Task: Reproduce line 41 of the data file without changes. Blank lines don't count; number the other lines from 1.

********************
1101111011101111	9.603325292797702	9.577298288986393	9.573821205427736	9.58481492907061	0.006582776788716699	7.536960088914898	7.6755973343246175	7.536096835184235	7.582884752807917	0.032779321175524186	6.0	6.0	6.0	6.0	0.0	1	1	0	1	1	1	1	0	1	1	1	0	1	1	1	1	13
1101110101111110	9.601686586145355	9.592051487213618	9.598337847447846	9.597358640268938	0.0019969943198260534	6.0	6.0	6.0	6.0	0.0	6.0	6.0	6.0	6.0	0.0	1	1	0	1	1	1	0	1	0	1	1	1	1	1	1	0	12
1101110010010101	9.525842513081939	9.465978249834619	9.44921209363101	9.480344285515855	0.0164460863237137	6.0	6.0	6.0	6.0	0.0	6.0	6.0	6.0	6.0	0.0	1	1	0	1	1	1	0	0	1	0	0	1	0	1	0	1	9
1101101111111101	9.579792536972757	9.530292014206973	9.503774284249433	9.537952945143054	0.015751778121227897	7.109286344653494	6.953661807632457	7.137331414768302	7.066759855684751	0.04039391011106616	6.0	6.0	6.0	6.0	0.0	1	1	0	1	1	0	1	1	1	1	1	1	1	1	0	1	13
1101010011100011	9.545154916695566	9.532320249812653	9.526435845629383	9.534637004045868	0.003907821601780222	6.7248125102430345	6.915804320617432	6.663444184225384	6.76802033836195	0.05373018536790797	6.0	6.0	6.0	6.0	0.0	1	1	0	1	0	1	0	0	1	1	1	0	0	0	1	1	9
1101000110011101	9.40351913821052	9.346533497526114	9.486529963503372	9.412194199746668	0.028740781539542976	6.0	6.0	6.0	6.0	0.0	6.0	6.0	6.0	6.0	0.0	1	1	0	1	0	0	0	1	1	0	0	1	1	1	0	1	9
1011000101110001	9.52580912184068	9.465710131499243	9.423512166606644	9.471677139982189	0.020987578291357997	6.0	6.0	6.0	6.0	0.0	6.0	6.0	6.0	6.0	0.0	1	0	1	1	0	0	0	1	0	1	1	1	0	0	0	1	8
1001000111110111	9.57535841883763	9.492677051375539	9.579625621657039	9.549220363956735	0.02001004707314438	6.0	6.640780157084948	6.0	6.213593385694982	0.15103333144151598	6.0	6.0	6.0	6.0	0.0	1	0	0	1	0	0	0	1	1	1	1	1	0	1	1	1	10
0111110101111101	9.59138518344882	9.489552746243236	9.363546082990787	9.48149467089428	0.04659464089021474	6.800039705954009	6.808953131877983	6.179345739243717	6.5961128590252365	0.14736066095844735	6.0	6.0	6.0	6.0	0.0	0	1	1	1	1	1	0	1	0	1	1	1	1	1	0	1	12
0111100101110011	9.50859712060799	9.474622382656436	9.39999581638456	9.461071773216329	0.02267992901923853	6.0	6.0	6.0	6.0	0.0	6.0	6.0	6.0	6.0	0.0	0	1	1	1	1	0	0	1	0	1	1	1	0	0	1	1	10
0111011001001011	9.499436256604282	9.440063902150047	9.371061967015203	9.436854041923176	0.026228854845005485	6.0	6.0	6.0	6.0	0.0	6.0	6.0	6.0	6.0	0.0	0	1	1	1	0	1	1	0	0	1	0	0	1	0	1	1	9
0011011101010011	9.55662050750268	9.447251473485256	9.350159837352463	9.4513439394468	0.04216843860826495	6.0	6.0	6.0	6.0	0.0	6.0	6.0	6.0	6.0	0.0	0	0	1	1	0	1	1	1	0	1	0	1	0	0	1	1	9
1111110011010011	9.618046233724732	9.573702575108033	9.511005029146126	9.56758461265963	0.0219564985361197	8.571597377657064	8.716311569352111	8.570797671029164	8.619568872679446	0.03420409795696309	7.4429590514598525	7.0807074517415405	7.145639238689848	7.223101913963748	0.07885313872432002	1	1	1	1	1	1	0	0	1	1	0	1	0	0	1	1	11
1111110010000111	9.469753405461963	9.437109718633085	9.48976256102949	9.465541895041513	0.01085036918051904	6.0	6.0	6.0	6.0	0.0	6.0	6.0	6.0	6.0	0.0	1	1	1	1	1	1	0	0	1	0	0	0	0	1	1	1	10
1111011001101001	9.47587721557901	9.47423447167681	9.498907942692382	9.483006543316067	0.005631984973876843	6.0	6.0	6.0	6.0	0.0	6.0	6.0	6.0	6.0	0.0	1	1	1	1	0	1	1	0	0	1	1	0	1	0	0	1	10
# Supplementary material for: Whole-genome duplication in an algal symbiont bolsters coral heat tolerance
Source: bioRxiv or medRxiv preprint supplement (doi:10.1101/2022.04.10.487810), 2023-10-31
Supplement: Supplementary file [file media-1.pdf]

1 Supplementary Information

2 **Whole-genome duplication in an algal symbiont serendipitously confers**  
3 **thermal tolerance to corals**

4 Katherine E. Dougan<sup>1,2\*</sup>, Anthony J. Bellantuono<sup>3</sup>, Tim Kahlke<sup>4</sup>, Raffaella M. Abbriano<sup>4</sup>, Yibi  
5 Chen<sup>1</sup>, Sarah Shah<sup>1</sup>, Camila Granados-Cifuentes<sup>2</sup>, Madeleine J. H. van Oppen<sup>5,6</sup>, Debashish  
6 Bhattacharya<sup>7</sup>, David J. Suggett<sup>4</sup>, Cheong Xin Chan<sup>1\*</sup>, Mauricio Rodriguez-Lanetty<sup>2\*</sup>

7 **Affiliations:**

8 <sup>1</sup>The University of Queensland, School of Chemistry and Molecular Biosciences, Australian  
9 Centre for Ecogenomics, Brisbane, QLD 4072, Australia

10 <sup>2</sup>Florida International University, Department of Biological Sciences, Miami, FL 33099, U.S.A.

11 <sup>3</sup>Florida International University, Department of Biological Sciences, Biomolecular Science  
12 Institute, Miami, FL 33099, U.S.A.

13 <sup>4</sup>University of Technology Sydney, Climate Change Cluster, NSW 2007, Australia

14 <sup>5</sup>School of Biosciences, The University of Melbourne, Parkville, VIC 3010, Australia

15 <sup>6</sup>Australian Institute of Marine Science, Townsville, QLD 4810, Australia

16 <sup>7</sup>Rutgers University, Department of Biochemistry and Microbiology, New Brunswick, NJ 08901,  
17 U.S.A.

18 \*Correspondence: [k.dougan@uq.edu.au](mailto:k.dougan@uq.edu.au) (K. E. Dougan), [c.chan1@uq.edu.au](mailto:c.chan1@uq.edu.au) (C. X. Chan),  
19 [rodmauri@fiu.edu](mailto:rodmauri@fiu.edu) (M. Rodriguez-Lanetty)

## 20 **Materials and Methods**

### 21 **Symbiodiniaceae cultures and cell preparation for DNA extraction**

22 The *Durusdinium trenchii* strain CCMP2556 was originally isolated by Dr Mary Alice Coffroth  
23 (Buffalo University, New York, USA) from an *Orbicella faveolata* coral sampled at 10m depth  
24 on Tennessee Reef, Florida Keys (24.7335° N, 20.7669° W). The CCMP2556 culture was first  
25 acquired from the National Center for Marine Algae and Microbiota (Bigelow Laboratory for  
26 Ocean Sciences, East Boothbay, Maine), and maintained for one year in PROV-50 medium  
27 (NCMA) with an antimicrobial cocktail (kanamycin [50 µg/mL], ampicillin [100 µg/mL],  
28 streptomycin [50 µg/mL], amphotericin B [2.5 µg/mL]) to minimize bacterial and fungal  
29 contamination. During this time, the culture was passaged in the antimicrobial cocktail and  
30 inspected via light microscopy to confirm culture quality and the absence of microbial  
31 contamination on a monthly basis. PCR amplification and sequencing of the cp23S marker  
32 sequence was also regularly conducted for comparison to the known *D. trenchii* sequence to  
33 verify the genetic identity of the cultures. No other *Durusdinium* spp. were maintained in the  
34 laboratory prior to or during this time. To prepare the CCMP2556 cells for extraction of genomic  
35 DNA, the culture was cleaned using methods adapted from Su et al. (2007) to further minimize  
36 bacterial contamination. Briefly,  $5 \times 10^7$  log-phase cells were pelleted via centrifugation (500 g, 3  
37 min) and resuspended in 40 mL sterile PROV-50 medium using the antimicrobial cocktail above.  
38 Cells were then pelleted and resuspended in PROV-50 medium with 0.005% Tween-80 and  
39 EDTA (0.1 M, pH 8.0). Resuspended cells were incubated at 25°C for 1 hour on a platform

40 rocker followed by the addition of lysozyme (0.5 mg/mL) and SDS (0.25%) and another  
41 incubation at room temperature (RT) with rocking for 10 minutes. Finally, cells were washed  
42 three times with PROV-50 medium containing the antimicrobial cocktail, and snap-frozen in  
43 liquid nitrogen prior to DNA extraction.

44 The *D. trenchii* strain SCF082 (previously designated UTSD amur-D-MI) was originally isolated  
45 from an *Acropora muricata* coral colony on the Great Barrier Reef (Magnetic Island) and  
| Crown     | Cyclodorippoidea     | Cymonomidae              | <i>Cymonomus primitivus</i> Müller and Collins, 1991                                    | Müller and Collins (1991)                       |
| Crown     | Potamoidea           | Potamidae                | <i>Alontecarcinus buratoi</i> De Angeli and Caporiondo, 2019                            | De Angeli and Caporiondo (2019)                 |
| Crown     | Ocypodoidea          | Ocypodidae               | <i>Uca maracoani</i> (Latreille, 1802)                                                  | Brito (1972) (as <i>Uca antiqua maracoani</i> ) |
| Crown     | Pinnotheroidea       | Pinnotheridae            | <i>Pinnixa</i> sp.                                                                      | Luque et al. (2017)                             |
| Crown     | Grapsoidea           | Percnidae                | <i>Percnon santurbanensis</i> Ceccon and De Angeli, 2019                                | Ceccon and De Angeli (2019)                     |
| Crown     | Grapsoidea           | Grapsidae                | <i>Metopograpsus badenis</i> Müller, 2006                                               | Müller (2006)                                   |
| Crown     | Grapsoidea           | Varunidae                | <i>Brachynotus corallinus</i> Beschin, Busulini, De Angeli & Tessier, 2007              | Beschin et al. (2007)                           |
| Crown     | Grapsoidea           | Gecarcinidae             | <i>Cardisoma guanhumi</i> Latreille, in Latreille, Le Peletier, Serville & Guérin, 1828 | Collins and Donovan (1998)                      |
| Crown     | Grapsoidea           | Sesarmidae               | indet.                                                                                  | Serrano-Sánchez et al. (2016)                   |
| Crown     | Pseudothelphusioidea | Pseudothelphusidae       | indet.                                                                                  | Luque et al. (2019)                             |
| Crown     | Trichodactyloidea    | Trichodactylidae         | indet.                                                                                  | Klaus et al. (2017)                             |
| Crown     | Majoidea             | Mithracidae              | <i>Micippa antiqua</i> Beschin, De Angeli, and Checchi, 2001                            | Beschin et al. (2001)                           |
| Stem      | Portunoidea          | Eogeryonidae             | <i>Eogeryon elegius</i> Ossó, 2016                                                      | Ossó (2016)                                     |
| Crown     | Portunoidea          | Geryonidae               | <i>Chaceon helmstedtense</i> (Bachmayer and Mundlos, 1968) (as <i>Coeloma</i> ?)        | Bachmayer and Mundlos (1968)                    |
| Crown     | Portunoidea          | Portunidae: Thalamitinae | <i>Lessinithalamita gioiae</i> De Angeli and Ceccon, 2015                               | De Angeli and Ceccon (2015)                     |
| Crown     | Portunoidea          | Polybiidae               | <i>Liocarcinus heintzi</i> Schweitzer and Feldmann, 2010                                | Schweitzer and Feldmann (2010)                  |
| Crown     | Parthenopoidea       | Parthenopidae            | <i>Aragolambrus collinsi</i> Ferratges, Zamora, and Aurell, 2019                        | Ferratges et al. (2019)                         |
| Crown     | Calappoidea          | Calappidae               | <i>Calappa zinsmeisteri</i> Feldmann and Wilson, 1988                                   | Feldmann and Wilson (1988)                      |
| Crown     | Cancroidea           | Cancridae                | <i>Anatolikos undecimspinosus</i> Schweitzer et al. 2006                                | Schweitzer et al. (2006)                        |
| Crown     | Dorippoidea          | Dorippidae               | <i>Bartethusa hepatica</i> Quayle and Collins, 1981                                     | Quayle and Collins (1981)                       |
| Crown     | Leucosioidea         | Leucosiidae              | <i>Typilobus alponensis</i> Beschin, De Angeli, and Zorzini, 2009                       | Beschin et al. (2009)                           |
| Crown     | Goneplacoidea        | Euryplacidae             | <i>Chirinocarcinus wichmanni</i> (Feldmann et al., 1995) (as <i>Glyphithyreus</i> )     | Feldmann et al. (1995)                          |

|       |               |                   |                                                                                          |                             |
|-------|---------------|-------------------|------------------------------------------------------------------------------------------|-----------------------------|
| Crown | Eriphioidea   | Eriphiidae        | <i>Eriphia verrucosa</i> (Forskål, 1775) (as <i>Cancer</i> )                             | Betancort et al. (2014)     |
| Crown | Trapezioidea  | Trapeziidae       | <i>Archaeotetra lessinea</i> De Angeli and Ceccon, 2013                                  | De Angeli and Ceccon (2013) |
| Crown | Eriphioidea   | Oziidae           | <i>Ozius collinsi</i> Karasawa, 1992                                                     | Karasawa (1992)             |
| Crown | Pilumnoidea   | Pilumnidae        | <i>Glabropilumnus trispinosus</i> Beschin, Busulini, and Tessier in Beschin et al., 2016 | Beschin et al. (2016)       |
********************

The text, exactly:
23 (Buffalo University, New York, USA) from an *Orbicella faveolata* coral sampled at 10m depth  